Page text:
Red Lorry on M1 motorway in motion near London

COVID-19 Impact on the Transport and Logistics Industry

Malcolm Campbell, ||

As a fundamental part of the Australian economy, it is not difficult to see how the transport and logistics industry has been severely impacted by the COVID-19 pandemic, which was only exacerbated by the already existing variance in regulatory regimes across each of the states and territories. It became obvious quite quickly as to how incompatible the Australian government’s travel restrictions were for an industry fundamentally based on travel and movement of people and products.

Impact on the Australian Transport and Logistics Industry

To give you some context, Fiftyfive5 a strategy consultant reported that no less than 93% of Australian truck-based operations suffered an impact on their business as a result of the pandemic and public health measures. It was reported by the Freight & Trade Alliance that approximately 300,000 containers would accumulate at Australian wharves and prevent the unpacking and distribution of goods due to movement restrictions. [1] Leading supermarket chains Coles and Woolworths postponed home delivery to most consumers, despite the demand for groceries and other goods increasing by 40% during lockdown.[2] Delays were evident where Qantas was required to close its freight terminals due to the virus spreading amongst workers. [3]

Australian Government Management Strategies

Only in July was there welcomed relief by the transport and logistics industry when the National Cabinet agreed to a Freight Movement Protocol alongside the Freight Movement Code (‘Code’) aimed at implementing greater consistency in border control compliance and enforcement measures in each state and territory particularly in relation to COVID-19 testing, contact tracing, personal protective equipment and effective self-isolation for freight operators crossing borders.

With respect to NSW freight, transport and logistics workers moving across the borders, the Code set out the following enforceable measures:[4]

  1. Requirement for a valid border permit or equivalent approval (if your employer has a Covid-19 Safe Workplan – self-isolation is not required when crossing the border from NSW to Victoria for work purposes);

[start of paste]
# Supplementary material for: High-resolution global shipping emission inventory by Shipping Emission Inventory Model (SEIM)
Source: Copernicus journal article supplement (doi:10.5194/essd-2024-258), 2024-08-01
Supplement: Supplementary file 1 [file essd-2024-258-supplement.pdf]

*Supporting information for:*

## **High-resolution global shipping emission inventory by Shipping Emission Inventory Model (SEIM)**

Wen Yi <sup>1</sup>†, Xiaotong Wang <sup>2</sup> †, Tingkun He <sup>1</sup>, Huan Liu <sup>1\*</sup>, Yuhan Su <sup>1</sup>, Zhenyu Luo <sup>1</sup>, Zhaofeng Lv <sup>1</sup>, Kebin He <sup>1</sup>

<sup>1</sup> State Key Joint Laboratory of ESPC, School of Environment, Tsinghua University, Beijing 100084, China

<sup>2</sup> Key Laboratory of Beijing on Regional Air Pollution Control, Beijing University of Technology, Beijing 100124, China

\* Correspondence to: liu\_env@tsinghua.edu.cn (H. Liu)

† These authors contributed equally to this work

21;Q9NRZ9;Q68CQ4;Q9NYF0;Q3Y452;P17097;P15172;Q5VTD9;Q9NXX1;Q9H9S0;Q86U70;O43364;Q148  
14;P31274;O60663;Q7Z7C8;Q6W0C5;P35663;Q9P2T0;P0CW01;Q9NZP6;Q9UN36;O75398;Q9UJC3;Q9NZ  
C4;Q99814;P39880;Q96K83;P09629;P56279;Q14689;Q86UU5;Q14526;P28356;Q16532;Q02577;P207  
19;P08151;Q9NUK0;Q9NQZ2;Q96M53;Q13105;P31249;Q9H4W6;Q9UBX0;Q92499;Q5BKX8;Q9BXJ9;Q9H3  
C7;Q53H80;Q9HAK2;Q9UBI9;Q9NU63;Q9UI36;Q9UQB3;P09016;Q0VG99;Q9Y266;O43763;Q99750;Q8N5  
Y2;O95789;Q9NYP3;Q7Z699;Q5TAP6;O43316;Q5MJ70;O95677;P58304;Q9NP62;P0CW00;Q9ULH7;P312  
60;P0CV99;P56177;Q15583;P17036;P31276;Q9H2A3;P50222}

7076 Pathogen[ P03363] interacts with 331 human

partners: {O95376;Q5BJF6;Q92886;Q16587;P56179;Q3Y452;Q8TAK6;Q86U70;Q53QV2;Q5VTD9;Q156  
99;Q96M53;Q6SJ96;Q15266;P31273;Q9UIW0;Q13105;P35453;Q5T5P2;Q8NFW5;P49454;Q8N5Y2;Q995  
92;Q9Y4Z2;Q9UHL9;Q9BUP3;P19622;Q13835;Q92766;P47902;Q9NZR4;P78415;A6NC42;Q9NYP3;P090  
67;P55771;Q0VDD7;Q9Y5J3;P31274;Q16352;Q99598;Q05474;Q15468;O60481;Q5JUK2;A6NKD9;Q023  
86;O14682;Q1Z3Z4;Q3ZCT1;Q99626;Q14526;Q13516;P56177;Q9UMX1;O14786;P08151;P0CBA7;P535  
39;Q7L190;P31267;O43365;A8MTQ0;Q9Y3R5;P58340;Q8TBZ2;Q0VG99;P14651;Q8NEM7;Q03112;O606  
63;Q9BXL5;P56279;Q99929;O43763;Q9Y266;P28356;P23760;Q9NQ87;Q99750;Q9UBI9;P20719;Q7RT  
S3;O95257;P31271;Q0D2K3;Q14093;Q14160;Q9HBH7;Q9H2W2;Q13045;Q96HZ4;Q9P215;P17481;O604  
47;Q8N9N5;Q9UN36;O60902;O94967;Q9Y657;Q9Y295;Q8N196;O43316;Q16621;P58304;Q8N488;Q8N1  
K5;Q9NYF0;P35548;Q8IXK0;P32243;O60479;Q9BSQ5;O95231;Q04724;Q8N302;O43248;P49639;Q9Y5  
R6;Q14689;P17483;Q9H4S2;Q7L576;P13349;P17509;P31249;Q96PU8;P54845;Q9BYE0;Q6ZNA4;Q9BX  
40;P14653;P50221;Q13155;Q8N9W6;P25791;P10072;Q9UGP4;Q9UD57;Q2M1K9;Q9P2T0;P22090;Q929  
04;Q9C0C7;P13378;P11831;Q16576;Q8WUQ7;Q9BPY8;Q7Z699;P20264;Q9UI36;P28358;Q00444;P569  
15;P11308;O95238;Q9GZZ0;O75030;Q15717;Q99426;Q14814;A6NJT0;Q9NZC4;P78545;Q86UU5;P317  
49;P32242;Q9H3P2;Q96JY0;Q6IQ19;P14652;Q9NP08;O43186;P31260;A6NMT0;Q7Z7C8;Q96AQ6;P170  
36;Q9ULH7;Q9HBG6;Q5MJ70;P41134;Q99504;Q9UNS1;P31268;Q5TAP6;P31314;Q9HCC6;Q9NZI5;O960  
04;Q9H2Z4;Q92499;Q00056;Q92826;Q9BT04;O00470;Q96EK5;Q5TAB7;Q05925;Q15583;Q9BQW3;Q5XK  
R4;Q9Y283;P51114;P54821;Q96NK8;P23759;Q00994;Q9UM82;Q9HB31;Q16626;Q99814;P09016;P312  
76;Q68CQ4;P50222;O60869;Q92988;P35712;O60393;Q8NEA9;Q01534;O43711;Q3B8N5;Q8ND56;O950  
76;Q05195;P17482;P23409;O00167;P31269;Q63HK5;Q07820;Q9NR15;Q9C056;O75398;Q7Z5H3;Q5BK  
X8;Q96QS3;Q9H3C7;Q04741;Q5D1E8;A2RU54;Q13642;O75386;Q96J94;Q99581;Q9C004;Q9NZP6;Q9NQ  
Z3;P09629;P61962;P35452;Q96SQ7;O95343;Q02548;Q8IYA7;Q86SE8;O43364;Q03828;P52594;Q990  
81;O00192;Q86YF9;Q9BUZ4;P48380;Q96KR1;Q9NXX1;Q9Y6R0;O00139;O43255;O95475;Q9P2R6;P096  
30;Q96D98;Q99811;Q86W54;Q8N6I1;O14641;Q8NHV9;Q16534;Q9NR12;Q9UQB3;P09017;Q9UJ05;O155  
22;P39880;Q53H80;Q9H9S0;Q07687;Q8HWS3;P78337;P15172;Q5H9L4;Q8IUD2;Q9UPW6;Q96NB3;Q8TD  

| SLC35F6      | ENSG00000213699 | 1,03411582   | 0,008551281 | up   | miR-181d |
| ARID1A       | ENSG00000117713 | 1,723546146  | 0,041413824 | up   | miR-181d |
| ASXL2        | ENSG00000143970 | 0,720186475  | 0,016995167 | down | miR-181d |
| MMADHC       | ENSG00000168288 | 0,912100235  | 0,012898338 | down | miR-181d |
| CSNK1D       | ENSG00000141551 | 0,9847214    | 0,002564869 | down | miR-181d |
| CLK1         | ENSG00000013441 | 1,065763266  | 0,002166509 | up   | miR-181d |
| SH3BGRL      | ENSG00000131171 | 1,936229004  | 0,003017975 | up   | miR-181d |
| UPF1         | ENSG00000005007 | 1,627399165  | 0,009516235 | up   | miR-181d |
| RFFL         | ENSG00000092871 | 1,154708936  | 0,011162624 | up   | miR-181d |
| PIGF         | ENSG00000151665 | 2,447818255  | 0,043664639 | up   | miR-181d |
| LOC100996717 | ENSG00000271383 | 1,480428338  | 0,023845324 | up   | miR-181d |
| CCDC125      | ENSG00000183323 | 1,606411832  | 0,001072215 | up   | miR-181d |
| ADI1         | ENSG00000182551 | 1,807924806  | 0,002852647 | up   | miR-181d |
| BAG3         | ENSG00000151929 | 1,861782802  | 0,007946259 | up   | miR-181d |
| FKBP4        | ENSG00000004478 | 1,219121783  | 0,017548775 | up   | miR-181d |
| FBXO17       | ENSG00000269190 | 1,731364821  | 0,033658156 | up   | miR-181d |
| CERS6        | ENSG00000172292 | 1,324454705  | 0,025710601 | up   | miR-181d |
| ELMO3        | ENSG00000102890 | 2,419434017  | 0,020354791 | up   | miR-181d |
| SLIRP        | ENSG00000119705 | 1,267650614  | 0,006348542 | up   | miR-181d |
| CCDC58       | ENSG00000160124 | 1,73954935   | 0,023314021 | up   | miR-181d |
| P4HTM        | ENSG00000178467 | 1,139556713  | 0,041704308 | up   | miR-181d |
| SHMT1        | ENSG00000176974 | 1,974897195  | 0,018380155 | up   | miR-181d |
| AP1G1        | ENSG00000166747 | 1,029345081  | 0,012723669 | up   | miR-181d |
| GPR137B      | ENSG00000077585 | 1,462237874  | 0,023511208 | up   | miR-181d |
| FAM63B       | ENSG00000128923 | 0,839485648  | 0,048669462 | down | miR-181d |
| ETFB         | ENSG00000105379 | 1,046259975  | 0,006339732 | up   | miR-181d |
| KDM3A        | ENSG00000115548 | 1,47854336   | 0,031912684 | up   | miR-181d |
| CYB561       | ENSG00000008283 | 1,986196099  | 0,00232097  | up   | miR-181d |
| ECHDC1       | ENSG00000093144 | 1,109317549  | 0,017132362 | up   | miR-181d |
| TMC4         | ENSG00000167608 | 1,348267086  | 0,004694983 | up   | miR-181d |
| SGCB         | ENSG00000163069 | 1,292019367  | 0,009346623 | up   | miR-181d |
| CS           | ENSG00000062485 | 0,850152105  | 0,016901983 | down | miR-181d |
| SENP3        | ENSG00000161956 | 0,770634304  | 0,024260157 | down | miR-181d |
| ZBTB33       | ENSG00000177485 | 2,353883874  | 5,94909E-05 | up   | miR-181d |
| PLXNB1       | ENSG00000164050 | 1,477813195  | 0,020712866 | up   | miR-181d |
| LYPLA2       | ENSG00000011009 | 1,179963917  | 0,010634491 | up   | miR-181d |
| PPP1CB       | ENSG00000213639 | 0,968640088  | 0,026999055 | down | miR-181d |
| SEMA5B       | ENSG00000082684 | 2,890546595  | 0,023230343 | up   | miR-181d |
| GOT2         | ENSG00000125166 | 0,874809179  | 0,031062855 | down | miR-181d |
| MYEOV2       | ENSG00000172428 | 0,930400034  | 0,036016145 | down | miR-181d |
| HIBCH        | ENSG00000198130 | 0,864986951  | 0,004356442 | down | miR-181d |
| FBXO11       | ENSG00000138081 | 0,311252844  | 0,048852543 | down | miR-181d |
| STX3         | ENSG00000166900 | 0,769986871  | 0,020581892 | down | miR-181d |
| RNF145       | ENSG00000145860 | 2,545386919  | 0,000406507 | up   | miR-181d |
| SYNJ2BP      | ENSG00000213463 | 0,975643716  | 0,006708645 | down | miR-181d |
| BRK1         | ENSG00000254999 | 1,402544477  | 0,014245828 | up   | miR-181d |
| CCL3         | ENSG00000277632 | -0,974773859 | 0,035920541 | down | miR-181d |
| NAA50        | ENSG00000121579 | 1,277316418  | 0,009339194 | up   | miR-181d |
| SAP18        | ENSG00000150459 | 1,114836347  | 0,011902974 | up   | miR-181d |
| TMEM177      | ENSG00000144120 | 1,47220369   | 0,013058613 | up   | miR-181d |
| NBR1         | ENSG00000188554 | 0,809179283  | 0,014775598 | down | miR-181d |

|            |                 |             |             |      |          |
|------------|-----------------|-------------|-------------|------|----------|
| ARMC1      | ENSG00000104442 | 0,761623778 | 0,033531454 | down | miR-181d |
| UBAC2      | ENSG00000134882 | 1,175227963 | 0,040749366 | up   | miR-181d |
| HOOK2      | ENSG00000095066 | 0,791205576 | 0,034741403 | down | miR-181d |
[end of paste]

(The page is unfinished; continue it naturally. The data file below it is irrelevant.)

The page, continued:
2. Mandatory COVID Safe Workplan required for all freight operators (which can be created at the following website As of 12 October 2020, in practice, mutual recognition of these plans across the states occurs in New South Wales, Queensland, Western Australia, South Australia, Tasmania and the Australian Capital Territory. Transport operators are encouraged to become COVID Accredited when COVID Safe Workplans include additional measures such as daily health screening for freight workers, regular testing on a rolling 7-day basis for freight workers facilitated by the freight operator;
  3. A requirement to carry and use COVID-19 related Personal Protective Equipment such as an appropriate face mask, hand sanitiser and gloves;
  4. Testing for asymptomatic freight workers to be voluntary (not mandatory) but encouraged on a rolling 7 day basis;
  5. Record keeping for contact tracing purposes to be kept and maintained;
  6. Effective isolation where practicable when working during stops, including for accommodation purposes;
  7. No passengers, unless required for the purposes of work (for example, two-up drivers);
  8. No working while symptomatic until a negative test result has been received.

These new measures are also enforceable, and evidence will be required to be shown to an authorised officer to ensure compliance with the above. The penalties that apply are based on each state and territories Public Health Orders and/or Emergency Management Directions.

If you require assistance with any of the above, please do not hesitate to contact a member of Coleman Greig’s Commercial Advice Team who would be more than happy to assist you today.

[2] Ibid

[3] Ibid

[4] Freight Movement Code for the Domestic Border Controls – Freight Movement Protocol (7 August 2020).


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